The Cosby Show
By Terry Joseph
July 09, 2004
September 17, 2004 marks a dozen years since NBC-TV aired its final episode of The Cosby Show but recent monologues from the co-creator and star of the Nielsen-friendly sitcom, although showing him in a distinctly different humour, are scoring even higher ratings.
Pride felt by the black community when The Cosby Show debuted on September 20, 1984, a glow sustained through 193 episodes, then rekindled and fanned by more than a decade of re-runs, emanated from a format portraying the Huxtables as a well-knit, intelligent and socially adjusted Brooklyn family, parented by professionals.
Before Cosby, black sitcoms largely revelled in the plight of ne'er-do-well ghetto types, ribs and grits, fried chicken and sweet potato pie, semi-literate dialogue, peculiar junk collectors, tap-dancers, maids, misfits, buffoons aplenty or pet charities of white adoptive parents.
Cosby brought a refreshing image, guiding the adorable Huxtables through life's challenges, without loud outbursts or widening eyes, forever wearing that disarming smile, speaking elegantly all the while and in the wake of each episode, leaving a trail of pristine examples.
In a cabaret frequently spiked with uplifting musical interludes, tributes to black icons, sensitive and intellectual solutions to social problems, grandchildren named Winnie and Nelson, grandparents who visited often (invariably in good cheer) and all the outward and visible signs of a near-perfect existence; blacks were painted in self-esteem's best hues.
But that was 1992. Cosby 2004 returns to the screen as a contentious character, replacing Dr Huxtable's penchant for compromise with warlike words, curling his trademark smile downward into a thoroughly disapproving scowl, wading into blacks with mercilessly candid observations.
No Fresh Prince shenanigans, Steve Urkel's wackiness, Steve Harvey's suave, nor happy endings of The Hughleys, The Parkers, Girlfriends, Moesha, The Parenthood and Jamie Foxx but a different Comic View from an older, wiser Cosby, back in the ring without the kid gloves. And after round two, it isn't pretty.
The first flurry came in mid-May at Howard University. Speaking at the 50th anniversary commemoration of the historic Brown vs the Board of Education desegregation ruling in the US, Cosby lashed out at his tribe for parental failures that he said led to high dropout rates, teenage pregnancies, crime and other social ills.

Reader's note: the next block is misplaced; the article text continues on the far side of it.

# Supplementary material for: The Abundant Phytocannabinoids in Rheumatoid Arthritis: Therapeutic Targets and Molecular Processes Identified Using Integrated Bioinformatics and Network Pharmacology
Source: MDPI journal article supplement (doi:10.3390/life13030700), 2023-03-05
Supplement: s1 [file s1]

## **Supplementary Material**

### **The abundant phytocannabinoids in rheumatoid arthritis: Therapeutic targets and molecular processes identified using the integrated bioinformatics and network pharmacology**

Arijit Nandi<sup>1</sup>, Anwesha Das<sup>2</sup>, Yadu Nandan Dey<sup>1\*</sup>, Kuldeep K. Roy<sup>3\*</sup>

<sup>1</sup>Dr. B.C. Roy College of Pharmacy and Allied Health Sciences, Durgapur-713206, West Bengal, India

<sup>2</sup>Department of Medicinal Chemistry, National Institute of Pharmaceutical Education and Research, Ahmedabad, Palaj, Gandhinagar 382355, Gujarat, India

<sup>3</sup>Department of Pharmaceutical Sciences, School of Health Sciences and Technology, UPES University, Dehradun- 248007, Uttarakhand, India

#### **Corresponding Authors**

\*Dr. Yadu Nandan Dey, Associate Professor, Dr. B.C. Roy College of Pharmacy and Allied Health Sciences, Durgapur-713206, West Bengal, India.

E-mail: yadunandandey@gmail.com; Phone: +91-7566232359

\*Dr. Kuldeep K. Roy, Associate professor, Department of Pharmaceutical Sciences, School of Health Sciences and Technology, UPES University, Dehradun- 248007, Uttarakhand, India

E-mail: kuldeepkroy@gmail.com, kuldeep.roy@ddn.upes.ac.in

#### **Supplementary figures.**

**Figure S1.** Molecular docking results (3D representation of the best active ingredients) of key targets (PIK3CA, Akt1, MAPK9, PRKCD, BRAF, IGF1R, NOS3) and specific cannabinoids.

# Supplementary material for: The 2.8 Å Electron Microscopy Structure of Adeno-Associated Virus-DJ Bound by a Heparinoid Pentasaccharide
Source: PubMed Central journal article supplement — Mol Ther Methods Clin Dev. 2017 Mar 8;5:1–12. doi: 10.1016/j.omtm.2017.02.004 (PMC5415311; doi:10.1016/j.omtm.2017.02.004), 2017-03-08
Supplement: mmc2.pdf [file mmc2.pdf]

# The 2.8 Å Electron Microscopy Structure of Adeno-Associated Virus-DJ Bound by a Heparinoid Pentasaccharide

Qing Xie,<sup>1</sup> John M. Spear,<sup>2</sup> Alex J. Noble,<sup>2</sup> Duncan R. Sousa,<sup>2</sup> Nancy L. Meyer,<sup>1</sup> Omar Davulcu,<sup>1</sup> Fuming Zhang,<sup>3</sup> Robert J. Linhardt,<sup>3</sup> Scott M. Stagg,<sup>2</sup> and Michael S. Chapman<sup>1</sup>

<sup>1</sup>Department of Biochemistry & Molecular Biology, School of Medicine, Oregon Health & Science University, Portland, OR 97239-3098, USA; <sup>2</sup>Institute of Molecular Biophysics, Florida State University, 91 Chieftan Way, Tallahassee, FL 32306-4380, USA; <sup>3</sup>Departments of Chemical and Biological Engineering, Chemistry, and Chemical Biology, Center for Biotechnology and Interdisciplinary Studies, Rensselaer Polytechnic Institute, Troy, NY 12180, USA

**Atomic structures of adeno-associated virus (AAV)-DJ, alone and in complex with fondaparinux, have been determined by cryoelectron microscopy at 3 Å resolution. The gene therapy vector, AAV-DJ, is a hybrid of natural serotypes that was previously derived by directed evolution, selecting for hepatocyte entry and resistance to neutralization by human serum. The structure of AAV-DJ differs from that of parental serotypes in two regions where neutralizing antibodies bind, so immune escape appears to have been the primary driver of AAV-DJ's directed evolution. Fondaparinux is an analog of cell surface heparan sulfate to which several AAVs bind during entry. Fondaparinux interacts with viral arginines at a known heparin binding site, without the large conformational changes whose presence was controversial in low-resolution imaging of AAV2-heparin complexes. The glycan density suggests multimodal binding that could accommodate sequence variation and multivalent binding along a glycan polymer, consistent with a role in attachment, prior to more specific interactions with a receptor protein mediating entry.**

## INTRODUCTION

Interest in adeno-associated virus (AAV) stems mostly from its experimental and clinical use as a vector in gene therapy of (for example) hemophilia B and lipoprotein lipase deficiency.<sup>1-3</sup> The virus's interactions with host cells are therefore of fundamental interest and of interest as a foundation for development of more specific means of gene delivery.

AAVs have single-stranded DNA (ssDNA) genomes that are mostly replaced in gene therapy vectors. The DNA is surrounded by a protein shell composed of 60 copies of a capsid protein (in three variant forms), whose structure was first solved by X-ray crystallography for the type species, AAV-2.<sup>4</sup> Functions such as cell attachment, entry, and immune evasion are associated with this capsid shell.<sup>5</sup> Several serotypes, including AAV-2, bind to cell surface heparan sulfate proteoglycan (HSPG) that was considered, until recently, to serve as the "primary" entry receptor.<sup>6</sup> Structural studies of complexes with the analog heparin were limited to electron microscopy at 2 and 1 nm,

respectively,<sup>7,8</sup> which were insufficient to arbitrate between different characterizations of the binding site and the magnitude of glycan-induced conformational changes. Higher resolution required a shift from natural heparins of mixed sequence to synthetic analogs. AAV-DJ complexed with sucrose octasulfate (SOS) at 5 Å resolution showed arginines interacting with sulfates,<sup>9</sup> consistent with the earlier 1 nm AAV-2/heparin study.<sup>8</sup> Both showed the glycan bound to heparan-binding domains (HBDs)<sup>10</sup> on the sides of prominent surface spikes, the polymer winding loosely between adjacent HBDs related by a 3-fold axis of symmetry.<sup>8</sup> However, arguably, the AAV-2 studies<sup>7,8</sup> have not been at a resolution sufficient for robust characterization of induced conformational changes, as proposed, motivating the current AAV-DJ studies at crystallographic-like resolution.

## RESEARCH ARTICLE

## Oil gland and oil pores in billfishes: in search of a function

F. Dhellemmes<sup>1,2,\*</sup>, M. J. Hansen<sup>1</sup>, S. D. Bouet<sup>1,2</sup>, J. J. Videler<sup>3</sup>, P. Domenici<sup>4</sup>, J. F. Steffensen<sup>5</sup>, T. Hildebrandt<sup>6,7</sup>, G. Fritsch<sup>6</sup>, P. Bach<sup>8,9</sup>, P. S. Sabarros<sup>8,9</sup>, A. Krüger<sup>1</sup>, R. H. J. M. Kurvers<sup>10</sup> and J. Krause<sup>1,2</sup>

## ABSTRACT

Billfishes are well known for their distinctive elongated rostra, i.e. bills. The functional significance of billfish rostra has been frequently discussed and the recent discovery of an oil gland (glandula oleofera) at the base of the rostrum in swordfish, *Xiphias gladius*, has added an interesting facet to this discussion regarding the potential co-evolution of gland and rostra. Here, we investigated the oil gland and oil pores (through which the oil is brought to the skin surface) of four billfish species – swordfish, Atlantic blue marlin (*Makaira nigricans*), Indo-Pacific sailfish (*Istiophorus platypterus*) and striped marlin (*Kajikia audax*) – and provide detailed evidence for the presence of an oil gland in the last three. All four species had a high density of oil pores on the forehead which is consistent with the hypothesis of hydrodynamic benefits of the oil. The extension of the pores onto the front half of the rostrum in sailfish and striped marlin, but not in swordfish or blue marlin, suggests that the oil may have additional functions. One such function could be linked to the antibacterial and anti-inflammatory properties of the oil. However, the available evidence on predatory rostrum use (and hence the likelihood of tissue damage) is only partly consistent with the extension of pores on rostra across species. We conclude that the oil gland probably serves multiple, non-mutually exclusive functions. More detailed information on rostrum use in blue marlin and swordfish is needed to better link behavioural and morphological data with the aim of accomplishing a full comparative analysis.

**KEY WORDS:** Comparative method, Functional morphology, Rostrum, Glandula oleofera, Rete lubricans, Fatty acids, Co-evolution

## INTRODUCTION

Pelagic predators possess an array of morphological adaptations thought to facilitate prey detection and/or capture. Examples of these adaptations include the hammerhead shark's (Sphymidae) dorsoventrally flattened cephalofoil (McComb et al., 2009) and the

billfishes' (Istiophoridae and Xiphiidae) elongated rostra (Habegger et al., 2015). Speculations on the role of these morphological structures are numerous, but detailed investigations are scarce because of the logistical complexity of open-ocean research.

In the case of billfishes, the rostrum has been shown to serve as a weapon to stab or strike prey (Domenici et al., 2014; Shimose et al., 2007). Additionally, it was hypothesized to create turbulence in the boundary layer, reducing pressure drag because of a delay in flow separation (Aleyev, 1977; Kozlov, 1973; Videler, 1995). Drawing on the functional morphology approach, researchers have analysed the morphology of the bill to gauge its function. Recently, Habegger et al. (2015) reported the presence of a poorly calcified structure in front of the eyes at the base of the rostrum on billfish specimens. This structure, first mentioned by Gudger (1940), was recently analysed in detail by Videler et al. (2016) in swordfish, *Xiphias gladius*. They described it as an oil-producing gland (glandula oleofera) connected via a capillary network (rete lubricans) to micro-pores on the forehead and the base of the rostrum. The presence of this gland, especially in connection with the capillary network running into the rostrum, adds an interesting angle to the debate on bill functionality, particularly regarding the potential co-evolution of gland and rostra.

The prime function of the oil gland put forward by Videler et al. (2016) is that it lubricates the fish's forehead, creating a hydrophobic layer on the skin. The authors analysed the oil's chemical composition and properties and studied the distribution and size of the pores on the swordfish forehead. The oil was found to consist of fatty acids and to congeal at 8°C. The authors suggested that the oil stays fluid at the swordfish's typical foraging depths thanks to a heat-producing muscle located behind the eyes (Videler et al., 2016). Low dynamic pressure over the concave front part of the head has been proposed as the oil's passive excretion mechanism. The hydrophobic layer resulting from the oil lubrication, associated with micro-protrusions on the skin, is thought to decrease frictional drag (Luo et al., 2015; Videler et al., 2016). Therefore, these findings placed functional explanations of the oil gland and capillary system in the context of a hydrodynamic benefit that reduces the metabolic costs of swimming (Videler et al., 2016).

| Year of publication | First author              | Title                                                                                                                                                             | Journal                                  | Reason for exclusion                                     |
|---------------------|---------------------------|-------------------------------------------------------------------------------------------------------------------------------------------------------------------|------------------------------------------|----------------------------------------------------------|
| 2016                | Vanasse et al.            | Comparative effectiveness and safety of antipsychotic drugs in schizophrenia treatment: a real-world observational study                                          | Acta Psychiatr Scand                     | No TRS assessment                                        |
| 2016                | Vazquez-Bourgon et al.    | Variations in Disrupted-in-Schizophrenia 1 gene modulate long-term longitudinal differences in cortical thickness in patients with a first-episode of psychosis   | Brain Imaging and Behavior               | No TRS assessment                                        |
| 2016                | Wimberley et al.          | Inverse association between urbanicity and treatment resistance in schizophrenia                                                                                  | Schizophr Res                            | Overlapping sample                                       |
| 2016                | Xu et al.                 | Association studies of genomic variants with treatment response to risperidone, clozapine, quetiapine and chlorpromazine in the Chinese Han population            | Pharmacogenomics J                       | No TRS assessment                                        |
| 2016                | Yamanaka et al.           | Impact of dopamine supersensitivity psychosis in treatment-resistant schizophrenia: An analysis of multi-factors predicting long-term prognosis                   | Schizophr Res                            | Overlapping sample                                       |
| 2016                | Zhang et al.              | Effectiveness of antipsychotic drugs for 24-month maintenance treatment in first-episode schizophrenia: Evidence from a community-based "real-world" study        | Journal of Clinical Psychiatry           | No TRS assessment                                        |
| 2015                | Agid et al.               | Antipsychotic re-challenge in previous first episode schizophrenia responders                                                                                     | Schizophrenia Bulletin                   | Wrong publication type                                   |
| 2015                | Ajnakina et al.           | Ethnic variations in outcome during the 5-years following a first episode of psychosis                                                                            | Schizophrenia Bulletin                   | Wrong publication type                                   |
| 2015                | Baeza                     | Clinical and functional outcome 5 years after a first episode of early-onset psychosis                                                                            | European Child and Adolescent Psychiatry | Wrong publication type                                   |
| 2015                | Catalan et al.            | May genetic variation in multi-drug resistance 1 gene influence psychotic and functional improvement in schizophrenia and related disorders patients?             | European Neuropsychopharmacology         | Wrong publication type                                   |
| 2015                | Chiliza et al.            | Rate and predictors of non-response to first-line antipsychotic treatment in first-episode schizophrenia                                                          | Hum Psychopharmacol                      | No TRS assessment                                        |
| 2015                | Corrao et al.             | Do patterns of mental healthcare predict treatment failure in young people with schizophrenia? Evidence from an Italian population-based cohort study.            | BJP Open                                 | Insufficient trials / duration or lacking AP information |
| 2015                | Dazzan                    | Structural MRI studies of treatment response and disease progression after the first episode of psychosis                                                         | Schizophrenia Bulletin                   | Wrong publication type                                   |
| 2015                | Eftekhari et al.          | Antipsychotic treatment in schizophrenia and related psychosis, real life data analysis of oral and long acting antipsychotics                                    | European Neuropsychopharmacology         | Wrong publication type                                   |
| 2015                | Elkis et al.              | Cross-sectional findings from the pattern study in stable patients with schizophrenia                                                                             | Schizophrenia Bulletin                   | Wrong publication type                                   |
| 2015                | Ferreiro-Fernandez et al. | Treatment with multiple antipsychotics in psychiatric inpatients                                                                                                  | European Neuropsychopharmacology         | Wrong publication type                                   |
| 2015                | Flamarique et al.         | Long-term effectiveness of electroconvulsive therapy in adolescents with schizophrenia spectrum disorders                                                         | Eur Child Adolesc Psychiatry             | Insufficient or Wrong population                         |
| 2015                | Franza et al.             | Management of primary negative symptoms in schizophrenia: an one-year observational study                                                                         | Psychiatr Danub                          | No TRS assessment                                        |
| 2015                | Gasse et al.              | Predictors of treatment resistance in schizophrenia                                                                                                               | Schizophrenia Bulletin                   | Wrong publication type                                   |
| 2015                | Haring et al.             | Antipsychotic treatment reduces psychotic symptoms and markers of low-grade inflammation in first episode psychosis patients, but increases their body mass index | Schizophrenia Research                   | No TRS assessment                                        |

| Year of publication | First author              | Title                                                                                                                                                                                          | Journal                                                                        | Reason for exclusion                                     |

"The parents stand there and cry for the camera when their son is dressed in jail clothes," he boomed. "Where were they when he was two, or at high-school time, or when he got to be 18 and had a pistol in his waist? How come the parent never knew the child was forever high on drugs or into a life that was bound to get him into trouble with the law?
"You can't keep saying God will find a way. God is tired of you," Cosby revealed. "People putting their hats on backwards, pants down around the crack, isn't that a sign of something gone wrong? Or are you waiting for Jesus to pull his pants up? Isn't it a sign of something when she has her dress all the way up to the crack?
"Those people are not Africans. They don't know a damn thing about Africa," he said. "With names like Shaniqua, Taliqua and all of that crap, all of them are in jail. Basketball and football players-multi-millionaires- can't read or write a paragraph. The white man, he's got to be laughing: 50 per cent dropouts, the rest in prison, teenage sex, five, six children, one woman, eight, ten different husbands or whatever."
And, as we discovered, he was only warming up. Speaking last week in Chicago at the Rainbow/PUSH Coalition & Citizenship Education Fund's annual conference, Cosby pulled no punches, telling a gathering of activists black children are "going nowhere". He didn't forget husbands: "Stop beating up your women because you can't find a job," he fumed.
In short, the good-humour man was now chiding them for squandering opportunities secured by the blood and sweat of martyrs, saying his detractors were trying in vain to hide the black community's dirty laundry. "Let me tell you, your dirty laundry gets out of school at 2.30 every day, cursing and calling each other nigger on the street," he said.
"They think they're hip. They can't read, can't write but they're laughing and giggling and going nowhere. I can't even talk the way they talk and I blamed the kid until I heard the mother. And then I heard the father. Everybody knows it's important to speak English except these knuckleheads. You can't be a doctor with that kind of crap coming out of your mouth," he told them.
He had spent eight years showing them the kind of life they could live and it was a lucrative laugh-riot. Now, he's showing them what they opted to become instead and it sure as hell isn't funny. Of course, he infuriated more than a few but Rev Jesse Jackson and NAACP Executive Director Kweisi Mfume publicly endorsed his comments.
Happily, we in Trinidad and Tobago do not need contemporary Cosby to pontificate for the Afro-Trini community because, annually, we get even more forceful lessons from the SEA results.
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